Electrochemical Technique Zaps Tiny Amounts of Pollution from Water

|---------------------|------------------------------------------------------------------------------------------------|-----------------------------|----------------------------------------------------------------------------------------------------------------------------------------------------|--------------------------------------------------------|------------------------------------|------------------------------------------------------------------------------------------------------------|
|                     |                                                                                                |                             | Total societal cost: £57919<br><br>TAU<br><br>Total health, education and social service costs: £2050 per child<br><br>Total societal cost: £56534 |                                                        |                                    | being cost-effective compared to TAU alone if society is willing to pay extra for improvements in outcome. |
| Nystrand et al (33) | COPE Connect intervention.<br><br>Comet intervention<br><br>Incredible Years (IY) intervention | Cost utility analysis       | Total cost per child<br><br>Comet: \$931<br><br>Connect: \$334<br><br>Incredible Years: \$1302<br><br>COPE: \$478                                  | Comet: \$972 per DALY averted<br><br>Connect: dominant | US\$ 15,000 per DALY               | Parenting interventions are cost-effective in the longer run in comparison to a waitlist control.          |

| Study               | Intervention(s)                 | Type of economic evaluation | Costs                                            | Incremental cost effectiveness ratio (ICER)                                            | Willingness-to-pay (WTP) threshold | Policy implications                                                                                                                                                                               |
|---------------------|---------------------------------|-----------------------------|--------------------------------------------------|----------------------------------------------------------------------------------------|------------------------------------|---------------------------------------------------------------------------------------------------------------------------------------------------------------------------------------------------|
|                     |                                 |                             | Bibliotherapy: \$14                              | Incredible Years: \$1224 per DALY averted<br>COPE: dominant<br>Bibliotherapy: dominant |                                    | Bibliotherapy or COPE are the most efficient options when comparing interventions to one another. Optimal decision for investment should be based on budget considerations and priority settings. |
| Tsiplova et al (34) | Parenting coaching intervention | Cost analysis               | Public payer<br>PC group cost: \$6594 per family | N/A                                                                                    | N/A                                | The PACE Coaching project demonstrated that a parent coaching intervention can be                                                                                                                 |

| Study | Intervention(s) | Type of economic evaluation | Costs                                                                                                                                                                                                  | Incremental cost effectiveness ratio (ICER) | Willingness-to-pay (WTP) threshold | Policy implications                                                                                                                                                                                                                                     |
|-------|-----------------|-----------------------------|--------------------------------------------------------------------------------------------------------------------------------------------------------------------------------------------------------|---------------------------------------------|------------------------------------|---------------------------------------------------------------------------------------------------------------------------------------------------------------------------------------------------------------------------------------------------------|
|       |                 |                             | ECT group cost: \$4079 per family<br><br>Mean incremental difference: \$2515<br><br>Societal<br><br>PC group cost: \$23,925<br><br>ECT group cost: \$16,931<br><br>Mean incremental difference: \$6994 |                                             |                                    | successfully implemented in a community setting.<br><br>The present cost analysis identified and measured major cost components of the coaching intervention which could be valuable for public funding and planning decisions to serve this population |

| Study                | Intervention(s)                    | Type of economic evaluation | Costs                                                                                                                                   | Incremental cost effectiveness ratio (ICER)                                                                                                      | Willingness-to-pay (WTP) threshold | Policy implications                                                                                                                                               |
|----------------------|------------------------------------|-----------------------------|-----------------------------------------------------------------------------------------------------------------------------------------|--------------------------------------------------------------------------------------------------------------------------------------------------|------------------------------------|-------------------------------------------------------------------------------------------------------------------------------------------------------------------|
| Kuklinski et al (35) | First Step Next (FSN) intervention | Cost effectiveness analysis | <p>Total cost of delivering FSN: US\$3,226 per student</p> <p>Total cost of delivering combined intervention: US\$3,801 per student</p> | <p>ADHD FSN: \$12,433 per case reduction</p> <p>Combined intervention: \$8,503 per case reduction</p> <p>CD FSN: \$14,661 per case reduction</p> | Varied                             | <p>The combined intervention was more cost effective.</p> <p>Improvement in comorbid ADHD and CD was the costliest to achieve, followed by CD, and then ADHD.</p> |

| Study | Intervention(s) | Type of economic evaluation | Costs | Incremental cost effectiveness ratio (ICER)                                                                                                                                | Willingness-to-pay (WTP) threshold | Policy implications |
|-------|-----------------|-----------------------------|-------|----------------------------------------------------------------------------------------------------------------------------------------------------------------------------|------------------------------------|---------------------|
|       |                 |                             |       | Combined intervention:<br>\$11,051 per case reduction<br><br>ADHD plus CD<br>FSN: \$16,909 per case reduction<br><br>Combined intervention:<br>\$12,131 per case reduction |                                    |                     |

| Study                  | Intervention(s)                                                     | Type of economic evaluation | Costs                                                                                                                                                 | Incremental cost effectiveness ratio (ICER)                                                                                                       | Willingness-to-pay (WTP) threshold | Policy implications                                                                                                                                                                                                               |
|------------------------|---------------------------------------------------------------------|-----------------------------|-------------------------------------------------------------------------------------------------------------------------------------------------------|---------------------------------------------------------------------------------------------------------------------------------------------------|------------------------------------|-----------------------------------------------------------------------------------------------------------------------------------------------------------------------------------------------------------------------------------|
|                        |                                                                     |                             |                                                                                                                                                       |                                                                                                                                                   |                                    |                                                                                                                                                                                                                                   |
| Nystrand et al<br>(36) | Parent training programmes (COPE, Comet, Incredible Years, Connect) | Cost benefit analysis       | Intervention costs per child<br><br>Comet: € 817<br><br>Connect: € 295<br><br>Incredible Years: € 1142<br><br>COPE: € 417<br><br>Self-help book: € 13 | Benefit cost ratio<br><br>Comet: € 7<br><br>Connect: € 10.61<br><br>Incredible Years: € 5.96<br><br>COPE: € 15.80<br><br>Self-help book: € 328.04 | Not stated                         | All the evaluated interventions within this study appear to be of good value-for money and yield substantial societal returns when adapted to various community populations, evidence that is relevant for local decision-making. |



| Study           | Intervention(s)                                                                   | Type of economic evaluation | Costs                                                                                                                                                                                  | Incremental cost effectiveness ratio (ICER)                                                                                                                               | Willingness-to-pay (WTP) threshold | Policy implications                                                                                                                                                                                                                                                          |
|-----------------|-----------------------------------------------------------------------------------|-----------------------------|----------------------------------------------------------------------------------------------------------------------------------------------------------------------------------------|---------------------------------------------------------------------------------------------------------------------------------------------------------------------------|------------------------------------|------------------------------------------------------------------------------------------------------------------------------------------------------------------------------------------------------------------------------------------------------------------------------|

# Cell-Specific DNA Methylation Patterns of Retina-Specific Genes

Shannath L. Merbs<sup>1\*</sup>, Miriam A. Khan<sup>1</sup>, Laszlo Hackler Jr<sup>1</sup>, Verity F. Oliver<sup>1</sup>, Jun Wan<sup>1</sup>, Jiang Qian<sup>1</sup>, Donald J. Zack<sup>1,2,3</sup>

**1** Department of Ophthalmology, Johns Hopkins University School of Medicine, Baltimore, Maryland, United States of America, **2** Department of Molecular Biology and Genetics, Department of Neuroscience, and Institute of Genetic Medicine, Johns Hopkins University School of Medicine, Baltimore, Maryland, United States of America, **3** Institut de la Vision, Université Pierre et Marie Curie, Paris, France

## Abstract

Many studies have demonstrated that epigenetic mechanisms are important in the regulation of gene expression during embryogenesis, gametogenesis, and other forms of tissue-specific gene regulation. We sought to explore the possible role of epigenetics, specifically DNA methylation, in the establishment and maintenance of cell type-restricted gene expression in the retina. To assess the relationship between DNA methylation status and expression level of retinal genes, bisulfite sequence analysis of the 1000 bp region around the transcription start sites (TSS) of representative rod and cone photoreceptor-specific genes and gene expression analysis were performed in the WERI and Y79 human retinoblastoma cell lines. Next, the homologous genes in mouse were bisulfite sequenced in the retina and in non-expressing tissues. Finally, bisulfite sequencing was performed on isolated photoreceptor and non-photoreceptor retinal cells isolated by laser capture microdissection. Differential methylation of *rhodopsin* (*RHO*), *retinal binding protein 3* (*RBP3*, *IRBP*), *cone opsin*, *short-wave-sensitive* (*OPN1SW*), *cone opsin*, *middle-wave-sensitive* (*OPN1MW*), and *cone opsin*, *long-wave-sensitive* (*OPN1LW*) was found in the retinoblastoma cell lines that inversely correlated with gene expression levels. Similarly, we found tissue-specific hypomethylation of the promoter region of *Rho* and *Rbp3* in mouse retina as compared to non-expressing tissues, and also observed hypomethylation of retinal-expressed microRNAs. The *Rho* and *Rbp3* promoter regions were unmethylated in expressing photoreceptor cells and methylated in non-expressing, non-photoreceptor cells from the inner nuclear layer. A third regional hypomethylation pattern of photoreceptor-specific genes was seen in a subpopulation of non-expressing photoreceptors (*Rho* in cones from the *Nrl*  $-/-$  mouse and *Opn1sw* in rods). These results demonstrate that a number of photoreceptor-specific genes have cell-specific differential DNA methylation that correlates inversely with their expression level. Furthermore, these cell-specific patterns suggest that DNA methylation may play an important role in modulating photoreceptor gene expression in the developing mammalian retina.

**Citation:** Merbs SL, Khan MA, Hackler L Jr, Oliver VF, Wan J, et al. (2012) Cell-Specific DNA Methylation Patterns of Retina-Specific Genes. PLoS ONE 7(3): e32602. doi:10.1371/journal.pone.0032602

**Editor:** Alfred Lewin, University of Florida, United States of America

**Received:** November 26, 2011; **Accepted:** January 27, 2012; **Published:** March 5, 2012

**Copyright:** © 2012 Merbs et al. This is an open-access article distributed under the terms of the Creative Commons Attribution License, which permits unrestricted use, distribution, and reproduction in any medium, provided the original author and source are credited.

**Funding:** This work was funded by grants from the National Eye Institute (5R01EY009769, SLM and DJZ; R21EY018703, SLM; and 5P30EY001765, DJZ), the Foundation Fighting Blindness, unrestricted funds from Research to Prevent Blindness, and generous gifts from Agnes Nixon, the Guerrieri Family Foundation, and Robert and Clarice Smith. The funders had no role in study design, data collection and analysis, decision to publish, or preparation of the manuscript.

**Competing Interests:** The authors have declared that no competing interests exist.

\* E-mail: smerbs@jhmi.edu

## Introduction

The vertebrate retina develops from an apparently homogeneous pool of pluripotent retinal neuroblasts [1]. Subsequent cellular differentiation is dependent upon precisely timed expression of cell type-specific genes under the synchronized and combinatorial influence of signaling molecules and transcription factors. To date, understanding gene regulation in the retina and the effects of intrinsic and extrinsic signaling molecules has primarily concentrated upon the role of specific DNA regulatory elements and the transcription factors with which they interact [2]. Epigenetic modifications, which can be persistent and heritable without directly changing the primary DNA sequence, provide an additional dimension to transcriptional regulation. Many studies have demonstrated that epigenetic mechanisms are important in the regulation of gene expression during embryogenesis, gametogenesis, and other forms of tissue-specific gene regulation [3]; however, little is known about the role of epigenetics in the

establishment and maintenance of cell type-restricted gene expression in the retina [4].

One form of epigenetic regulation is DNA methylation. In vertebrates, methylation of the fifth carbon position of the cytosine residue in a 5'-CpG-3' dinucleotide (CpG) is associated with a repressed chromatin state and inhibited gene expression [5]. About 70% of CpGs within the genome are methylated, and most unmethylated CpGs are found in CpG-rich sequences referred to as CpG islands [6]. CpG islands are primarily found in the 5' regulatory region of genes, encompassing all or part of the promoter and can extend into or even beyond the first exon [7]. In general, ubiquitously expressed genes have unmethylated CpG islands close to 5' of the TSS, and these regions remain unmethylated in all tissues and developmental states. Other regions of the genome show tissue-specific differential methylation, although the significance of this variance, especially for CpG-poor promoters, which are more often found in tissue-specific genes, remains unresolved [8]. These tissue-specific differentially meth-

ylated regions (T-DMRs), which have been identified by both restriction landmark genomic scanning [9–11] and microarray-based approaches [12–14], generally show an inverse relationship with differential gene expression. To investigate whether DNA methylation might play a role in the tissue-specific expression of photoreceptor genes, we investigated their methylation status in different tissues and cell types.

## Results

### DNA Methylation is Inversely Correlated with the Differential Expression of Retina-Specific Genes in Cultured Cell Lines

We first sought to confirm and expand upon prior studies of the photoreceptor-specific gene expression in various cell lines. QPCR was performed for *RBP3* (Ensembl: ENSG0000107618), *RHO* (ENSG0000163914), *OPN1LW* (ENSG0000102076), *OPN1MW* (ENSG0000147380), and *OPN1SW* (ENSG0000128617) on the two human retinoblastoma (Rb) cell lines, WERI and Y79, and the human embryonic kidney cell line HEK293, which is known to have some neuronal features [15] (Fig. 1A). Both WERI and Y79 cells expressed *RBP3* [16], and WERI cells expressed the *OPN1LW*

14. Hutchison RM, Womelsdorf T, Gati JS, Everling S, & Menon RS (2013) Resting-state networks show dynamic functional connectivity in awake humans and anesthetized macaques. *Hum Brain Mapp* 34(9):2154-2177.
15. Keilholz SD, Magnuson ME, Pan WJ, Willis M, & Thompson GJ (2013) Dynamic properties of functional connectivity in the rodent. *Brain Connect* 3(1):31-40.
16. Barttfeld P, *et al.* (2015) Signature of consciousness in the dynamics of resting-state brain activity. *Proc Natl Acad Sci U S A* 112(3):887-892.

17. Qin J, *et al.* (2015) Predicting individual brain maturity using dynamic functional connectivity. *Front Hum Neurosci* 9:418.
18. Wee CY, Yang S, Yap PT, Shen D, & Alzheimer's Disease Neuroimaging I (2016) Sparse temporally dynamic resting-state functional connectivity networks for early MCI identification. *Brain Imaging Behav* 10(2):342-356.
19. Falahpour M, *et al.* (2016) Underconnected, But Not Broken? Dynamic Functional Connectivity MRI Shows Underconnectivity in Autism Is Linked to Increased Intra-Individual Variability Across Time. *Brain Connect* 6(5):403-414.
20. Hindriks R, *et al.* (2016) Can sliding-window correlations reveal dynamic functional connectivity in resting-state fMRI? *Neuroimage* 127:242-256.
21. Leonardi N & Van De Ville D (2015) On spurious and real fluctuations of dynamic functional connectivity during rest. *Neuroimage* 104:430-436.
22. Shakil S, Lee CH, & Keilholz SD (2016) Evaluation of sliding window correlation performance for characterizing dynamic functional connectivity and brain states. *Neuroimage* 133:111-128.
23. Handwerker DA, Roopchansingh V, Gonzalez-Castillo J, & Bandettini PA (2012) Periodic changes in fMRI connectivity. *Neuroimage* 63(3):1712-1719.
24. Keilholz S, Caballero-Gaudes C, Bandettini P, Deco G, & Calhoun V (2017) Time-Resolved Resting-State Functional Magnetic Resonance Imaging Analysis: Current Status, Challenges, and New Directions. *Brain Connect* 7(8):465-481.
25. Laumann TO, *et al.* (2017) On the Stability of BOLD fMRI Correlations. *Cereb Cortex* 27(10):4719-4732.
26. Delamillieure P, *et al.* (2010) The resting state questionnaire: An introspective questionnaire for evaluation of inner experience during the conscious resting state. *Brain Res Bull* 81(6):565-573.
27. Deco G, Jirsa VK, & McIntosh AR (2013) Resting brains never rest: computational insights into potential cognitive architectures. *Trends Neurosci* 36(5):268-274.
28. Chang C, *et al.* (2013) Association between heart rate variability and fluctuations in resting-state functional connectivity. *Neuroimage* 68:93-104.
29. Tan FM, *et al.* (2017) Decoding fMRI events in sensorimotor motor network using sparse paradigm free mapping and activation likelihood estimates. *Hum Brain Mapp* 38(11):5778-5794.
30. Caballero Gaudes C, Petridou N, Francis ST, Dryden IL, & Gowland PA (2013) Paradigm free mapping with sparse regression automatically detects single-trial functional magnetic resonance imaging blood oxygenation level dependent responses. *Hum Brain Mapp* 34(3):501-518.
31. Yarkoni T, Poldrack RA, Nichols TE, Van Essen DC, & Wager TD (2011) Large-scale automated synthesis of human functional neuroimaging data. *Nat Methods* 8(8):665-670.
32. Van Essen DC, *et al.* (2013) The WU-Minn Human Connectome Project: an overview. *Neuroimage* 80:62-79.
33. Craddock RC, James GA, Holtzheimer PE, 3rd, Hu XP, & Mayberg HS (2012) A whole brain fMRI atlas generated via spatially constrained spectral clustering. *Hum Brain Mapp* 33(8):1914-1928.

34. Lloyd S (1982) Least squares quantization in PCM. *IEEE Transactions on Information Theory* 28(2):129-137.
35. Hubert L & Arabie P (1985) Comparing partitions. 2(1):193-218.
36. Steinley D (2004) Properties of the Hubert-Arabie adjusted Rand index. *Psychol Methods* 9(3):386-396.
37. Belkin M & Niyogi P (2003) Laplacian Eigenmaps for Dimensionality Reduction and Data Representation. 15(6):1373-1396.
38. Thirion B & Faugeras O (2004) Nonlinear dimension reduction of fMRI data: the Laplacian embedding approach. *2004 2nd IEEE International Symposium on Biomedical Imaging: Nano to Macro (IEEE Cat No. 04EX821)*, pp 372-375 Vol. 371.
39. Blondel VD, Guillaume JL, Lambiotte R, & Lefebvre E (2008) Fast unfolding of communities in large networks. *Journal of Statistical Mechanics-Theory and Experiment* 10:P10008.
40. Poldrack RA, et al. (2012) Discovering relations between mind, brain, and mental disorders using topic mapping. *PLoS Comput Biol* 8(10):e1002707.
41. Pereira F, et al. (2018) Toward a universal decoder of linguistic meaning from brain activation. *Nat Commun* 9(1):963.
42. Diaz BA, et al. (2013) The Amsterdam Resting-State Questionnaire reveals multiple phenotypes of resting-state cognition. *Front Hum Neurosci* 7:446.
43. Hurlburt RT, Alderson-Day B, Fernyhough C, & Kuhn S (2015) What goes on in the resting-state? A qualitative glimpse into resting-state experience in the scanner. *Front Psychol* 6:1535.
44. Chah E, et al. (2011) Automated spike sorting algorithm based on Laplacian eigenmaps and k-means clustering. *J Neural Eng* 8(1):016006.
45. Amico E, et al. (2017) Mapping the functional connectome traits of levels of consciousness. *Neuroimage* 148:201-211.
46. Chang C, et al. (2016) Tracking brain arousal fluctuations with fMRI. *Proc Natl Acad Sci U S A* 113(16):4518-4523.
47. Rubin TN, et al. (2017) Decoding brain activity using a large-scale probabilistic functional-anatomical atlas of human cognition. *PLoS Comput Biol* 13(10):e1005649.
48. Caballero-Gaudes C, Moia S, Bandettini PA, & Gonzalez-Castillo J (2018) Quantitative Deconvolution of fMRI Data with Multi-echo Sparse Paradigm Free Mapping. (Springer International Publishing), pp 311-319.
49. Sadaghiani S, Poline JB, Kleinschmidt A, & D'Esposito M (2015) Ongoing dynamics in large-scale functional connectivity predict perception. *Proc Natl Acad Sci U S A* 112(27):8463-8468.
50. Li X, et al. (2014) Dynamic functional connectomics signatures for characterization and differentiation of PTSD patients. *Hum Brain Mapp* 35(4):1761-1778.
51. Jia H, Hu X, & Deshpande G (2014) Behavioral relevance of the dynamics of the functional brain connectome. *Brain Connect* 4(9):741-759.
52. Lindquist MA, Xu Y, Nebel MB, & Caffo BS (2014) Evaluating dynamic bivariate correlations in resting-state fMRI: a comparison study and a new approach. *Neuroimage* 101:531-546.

When removing very low concentrations of pollutants from water, existing methods can be very energy- and chemical-intensive. A new method developed at MIT could be an alternative for removing even extremely low levels of unwanted compounds. The system relies on an electrochemical process to selectively remove organic contaminants like pesticides, chemical waste products, and pharmaceuticals. In the new system, the water flows between chemically treated surfaces that serve as positive and negative electrodes. These electrode surfaces are coated with Faradaic materials, which can undergo reactions to become positively or negatively charged. These active groups can be tuned to bind strongly with a specific type of pollutant molecule. The MIT researchers found that this process can effectively remove such molecules even at parts-per-million concentrations.